Kulwicki charts his own course Performs 3 jobs on way to title AUTO RACING

December 04, 1992|By Sandra McKee | Sandra McKee,Staff Writer

The most successful men in Winston Cup stock car racing -- Junior Johnson and Bobby Allison among them -- told Alan Kulwicki he couldn't do it.

But Alan Kulwicki did do it. Tonight, at the annual Winston Cup Awards banquet in New York, Kulwicki will pick up the $1 million bonus check that goes to NASCAR's Winston Cup champion.

Instead of taking the road most traveled -- that of driver only -- Kulwicki drove his own route -- as car owner, chief mechanic and driver -- to the top.

"Everyone, and I mean everyone, told me 'It's too tough. There are too many obstacles,' " Kulwicki says. "But to me, obstacles are the things you see when you take your eyes off the goal line."

Kulwicki's gaze never wavered.

He grew up in Wisconsin, a son of Gerald Kulwicki, an engine builder on the United States Auto Club circuit who worked with six championship teams. But Kulwicki's father never once went out of his way to provide his son with a break.

"At times, I resented the fact that Dad didn't want me to race and did little to promote my career," said Kulwicki, who was hugged and kissed by his father in victory lane in Atlanta after winning the championship last month.

Almost from the beginning, Kulwicki has been on his own. His mother died when he was in second grade and he, his father and brother lived with his grandmother for the next five years. Then his grandmother died. His brother, a hemophiliac, died a year later. Gerald Kulwicki, who spent most of his days on the road away from his family, did not particularly want his only surviving son to enter the sport.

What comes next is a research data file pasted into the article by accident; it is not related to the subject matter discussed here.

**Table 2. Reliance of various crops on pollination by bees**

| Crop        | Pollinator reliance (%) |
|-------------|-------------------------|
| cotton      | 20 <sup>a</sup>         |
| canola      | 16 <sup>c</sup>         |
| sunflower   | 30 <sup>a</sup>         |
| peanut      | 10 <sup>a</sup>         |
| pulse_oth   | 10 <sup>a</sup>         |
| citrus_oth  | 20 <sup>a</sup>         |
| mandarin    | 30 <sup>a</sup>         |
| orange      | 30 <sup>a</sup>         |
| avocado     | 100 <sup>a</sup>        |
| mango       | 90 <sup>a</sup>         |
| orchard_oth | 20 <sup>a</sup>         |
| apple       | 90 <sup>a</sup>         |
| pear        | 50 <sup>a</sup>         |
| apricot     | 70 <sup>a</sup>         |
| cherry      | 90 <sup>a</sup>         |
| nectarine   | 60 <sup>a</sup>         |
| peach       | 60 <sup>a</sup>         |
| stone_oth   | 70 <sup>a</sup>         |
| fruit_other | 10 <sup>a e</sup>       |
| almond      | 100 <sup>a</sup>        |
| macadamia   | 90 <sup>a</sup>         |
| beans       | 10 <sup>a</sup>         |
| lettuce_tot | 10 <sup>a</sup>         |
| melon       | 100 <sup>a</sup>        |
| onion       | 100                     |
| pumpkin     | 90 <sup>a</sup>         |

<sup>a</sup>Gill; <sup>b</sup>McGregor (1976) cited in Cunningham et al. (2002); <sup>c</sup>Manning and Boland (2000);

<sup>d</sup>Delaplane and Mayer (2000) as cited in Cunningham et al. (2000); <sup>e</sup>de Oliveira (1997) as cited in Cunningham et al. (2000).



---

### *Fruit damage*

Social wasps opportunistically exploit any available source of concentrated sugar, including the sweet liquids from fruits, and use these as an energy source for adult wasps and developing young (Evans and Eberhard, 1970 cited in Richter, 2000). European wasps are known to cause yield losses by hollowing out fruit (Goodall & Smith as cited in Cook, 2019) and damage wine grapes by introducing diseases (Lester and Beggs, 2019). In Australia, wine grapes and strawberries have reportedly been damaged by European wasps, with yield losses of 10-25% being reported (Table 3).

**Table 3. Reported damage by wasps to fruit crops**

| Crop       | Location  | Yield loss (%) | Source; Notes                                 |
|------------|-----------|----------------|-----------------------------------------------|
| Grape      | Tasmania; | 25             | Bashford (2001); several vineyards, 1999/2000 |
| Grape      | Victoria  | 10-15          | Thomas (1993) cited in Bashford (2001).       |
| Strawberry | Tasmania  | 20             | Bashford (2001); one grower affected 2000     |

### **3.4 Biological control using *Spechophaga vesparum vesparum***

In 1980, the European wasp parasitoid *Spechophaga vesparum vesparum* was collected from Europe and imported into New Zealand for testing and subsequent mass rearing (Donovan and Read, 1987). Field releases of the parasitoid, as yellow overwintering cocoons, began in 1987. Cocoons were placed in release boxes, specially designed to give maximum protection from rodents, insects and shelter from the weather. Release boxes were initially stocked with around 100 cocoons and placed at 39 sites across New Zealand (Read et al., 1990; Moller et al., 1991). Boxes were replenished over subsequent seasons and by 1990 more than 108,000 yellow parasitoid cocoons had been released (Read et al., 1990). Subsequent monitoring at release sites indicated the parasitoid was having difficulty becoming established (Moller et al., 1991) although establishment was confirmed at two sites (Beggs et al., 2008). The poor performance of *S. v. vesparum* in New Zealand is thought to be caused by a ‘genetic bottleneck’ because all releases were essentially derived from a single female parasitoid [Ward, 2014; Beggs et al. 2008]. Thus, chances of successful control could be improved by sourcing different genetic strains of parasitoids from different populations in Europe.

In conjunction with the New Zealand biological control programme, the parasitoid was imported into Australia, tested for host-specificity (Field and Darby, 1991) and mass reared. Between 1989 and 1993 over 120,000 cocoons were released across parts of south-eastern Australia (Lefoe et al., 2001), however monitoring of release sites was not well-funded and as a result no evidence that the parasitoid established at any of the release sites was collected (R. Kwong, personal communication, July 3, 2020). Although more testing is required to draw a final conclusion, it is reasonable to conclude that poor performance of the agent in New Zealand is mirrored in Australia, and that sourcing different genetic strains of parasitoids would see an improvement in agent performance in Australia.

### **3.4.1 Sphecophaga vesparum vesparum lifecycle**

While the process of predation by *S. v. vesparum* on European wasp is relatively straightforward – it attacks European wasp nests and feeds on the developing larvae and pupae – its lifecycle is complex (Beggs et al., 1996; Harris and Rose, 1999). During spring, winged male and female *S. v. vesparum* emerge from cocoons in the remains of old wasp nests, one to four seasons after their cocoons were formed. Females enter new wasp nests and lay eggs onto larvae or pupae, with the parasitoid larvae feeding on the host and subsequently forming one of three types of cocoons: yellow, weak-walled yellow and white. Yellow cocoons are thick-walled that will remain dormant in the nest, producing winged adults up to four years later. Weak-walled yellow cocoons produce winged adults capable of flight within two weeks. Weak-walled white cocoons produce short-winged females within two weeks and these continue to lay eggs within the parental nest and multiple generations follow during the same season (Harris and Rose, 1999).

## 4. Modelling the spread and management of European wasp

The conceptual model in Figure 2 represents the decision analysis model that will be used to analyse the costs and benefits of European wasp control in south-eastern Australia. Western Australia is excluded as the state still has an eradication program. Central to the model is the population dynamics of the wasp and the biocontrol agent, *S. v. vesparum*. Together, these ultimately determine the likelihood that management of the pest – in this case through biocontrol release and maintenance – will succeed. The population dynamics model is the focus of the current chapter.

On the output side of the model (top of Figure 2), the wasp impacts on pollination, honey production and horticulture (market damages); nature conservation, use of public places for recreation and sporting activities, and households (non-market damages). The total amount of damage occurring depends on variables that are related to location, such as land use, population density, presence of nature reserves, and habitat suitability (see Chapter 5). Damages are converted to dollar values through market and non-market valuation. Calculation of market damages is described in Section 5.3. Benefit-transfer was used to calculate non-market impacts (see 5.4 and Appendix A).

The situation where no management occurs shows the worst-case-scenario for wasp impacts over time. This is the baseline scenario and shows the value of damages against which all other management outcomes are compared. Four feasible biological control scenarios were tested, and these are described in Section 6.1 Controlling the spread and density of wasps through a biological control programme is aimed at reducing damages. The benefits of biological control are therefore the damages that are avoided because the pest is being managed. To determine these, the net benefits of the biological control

"I don't want to paint a picture that my dad did a bad job of raising me," says NASCAR's newest champion. "It would have been nice at times to have had a pat on the back or someone giving me moral support, but I had to find that within myself."

After high school, he chose college and the pursuit of an engineering degree over full-time racing.

"Being a racer was a consuming ambition, but you can't just come out of high school and say you're going to be a race car DTC driver," Kulwicki says. "It takes a couple million dollars a year to run a team at this level. How are you going to get it?"

There was another question. What if racing doesn't work out? Kulwicki always tries to have options, and getting his mechanical engineering degree from the University of Wisconsin-Milwaukee provided some.

"Having that engineering education has helped me understand my car better," he says. "It has made me better able to run my team."

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